Joan Osborne hadn’t even unpacked before she got a taste of the Sundance Film Festival feeding frenzy. “Somebody tried to pitch me a screenplay as I walked into the hotel,” the singer marveled. “I don’t know what I can do for some screenwriter.” You never know. This year, rockers descended on Park City en masse. Counting Crows’ Adam Duritz came to promote Burn, a film he produced that played at the alt-fest Slamdance. Osborne, Emmylou Harris, Moby, Duncan Sheik, and the Neville Brothers played countless parties. And Cracker frontman David Lowery costarred in River Red — a drama with a Ry Cooder-esque score by Cracker’s Johnny Hickman. Meanwhile, crowds caught the embattled rockumentary Kurt and Courtney; the velvet Valentine Loud Reed: Rock and Roll Heart; Modulations, a guide to electronica; and The Decline of Western Civilization, Part III, a plunge into subterranean L.A. punk. Even top winner Slam slinked along to a score by cut-and-paste wizard DJ Spooky. The harmonic convergence was no accident. With an indie boom, the market’s wide open for rockers who dabble in scores and soundtracks. Said BMG Music exec Art Ford, “With the record business in a slump, this multimedia approach is the future.” You could hear that future all week: BMG rented a chalet for songwriters to jam for their camera-toting counterparts. Still, some balked at Sundance’s hectic pace. “This is a freak show,” Lowery said. “I never thought something could make the music business look like a bunch of staid old English gentlemen.”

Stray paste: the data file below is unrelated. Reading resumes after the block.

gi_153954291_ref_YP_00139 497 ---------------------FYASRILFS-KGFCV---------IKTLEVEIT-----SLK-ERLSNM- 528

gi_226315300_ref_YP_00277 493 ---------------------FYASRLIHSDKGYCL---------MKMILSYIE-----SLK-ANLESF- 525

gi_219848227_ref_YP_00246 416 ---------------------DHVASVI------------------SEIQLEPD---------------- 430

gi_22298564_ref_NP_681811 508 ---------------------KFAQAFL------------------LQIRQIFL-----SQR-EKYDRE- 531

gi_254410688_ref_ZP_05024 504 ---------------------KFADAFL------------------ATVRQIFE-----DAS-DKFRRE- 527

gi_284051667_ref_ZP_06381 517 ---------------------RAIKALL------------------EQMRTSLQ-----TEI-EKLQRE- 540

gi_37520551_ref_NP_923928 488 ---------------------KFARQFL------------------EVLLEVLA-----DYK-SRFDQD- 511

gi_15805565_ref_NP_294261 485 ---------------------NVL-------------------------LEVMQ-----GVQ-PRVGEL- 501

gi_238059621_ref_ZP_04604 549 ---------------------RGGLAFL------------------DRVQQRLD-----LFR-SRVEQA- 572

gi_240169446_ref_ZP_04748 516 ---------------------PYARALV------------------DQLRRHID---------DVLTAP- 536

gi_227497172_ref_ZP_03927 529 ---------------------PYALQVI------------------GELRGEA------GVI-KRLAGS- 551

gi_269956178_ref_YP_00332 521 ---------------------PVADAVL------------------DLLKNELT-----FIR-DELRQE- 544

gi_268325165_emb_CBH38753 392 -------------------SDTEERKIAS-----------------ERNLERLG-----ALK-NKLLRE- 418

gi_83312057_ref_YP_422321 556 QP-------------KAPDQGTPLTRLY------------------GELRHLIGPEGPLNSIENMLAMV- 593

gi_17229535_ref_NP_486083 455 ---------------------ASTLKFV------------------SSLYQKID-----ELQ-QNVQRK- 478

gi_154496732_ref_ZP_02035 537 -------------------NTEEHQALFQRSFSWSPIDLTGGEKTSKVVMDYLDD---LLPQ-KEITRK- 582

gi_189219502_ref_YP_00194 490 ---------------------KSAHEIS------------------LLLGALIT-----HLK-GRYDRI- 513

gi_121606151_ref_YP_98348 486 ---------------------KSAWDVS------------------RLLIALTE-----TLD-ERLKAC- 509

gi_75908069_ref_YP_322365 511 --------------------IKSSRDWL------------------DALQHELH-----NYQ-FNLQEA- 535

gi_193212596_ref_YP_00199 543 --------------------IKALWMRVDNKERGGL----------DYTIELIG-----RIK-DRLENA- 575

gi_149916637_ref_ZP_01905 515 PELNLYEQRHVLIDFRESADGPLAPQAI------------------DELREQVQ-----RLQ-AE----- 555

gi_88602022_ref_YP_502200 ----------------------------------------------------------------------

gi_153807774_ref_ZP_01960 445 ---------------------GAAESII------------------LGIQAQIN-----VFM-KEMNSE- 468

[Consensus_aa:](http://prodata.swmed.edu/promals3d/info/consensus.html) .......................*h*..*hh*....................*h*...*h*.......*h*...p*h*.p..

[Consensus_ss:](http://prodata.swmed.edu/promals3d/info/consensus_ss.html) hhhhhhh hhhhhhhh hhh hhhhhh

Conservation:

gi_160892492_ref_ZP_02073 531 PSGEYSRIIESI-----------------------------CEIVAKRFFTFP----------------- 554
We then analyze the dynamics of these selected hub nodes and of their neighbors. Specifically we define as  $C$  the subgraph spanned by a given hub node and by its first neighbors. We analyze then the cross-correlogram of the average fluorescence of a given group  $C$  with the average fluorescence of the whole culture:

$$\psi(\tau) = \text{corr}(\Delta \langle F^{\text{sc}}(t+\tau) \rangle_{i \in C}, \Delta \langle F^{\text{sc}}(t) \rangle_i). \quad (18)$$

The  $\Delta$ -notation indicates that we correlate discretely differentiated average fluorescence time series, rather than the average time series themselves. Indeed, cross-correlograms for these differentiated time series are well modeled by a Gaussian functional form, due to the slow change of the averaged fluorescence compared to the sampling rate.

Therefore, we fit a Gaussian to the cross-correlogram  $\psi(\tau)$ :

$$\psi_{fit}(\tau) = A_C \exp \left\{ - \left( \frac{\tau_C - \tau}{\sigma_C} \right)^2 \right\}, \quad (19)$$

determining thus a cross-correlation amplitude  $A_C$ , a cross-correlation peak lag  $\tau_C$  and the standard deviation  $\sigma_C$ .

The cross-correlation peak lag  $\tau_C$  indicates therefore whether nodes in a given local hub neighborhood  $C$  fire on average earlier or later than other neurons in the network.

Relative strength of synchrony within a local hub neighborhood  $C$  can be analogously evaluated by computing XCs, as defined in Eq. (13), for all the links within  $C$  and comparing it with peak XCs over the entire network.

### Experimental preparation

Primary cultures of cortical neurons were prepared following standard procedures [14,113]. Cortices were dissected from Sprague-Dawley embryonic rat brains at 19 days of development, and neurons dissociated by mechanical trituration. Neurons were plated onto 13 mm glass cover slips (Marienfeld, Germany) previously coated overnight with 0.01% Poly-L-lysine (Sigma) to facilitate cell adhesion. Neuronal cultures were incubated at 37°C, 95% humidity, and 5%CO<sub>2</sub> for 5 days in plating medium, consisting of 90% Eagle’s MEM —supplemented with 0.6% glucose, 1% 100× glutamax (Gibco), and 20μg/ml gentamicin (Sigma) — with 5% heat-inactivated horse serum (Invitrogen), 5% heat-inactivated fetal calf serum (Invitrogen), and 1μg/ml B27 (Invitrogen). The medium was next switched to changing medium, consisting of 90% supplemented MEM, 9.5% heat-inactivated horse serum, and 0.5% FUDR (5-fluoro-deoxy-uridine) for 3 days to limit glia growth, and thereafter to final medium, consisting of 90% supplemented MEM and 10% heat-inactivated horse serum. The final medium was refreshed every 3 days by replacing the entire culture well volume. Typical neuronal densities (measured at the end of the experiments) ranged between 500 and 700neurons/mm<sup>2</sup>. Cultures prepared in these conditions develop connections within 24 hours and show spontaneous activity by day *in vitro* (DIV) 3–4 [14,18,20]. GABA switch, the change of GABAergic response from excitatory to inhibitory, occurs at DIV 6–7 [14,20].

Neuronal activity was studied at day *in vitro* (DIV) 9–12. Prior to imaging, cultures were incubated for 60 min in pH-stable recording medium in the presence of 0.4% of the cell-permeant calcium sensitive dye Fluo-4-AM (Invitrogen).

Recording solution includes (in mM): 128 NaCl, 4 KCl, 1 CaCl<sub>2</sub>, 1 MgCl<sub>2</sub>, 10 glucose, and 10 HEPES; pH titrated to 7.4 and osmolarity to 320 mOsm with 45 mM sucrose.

Posted February 6 1998 — 12:00 AM EST
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